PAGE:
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Extension Feedback & Wildfires Continue
by Greg Martin, click here for bio
Program: Northwest Report
Date: August 01, 12
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Extension Feedback & Wildfires Continue plus Food Forethought. I’m Greg Martin with today’s Northwest Report.
The National Association of Conservation Districts - along with a coalition of farm and environmental groups - has sent a letter to House Speaker John Boehner expressing disapproval of the proposed farm bill extension. NACD Government Affairs Director Laura Wood says while it’s understandable producers need drought assistance covered under the extension measure - both of the five year plans passed by the full Senate and House Ag Committee allow for that help while treating conservation fairly.
WOOD: We’ve got a really good framework for the next 5 years ready to go and Speaker Boehner as well as Representative have not allowed floor time for the House to consider the full farm bill and instead we have this extension that came out on Friday which is short-sighted, it’s only one year and it takes 75% of the funding for the job assistance comes from the conservation title. We don’t like that.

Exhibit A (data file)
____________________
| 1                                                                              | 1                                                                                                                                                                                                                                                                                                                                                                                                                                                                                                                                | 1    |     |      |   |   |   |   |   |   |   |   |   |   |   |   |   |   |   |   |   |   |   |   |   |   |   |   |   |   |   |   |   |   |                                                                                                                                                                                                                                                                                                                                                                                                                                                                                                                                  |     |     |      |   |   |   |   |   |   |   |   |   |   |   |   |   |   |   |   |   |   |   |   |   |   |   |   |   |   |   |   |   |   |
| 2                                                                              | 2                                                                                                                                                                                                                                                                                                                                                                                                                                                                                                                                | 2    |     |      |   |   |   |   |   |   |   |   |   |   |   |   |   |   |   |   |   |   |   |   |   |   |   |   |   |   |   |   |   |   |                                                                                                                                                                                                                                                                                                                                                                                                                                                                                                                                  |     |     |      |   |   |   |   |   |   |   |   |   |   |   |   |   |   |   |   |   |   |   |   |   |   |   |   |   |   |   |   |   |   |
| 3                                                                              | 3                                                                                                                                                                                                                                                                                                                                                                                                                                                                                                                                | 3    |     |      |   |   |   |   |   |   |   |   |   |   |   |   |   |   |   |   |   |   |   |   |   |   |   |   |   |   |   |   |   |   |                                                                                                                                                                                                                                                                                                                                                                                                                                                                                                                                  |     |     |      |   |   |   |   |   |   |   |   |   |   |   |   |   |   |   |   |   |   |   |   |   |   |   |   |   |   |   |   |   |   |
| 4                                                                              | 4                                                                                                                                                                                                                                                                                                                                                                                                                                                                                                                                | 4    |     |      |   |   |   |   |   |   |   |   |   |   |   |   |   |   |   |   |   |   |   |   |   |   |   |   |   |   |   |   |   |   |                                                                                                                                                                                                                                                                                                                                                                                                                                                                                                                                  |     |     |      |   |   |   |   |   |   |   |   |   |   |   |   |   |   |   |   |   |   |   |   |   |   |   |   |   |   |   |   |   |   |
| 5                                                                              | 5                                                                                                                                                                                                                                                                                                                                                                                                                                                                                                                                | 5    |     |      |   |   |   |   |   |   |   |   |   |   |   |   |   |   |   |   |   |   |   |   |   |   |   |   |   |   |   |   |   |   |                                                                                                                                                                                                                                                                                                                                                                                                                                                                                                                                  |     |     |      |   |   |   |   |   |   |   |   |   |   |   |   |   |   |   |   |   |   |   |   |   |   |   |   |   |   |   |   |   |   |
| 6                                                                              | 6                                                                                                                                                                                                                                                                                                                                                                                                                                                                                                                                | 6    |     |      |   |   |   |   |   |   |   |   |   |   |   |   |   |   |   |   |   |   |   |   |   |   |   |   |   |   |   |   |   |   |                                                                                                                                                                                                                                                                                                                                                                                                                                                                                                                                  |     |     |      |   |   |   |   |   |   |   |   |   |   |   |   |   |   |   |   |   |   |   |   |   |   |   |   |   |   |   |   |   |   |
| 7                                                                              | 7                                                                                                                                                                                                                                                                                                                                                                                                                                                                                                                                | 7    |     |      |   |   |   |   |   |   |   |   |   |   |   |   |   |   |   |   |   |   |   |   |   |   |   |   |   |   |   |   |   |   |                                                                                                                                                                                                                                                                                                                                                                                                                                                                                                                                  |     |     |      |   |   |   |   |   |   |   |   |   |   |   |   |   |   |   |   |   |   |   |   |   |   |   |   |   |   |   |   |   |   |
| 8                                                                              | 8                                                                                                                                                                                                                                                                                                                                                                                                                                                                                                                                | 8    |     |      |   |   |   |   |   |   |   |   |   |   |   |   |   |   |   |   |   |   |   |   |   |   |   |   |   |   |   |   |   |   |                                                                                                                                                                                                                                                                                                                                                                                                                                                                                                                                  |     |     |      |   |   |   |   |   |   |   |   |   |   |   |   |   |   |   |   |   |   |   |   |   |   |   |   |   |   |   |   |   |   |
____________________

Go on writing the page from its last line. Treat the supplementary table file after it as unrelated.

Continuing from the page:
A number of wild fires continue to plague tired firefighters across the northwest including a blaze in Idaho that was started by lightening. The Halstead blaze is now over 3700 acres and has forced the closure of the popular Cape Horn recreation area. The fire is about 20 miles north of Stanley, ID. If you have camping or travel plans in the area be sure to call the local parks service for updated information.
Now with today’s Food Forethought, here’s Lacy Gray.
Forget the old adage, “If at first you don’t succeed, try, try, again”. Apparently, Congress has decided to go with “pass the buck” when it comes to the Farm Bill. With Congress wanting to extend the 2008 Farm Bill for a year before leaving for the August recess many farm organizations moved beyond sheer frustration over the lack of decision making by Congress, and are now feeling outright ire. The message being conveyed by the majority of ag leaders is that farmers need to know what the farm programs are going to be over the long term in order to make their plans. An extension means the farm bill drafting process will have to start all over again with the new Congress. But then, that’s the point isn’t it? With such an extension politicians could rest easier during an election year with no one having to take the heat over a final Farm Bill drafting, or at least that seems to be the thought process. But this political ploy could quite easily backfire on both parties. Real lives and livelihoods are the playing pieces in this political chess game. Passing the buck is bad, passing the buck while destroying essential programs and reform packages is shameful.
Thanks Lacy. That’s today’s Northwest Report. I’m Greg Martin on the Ag Information Network.
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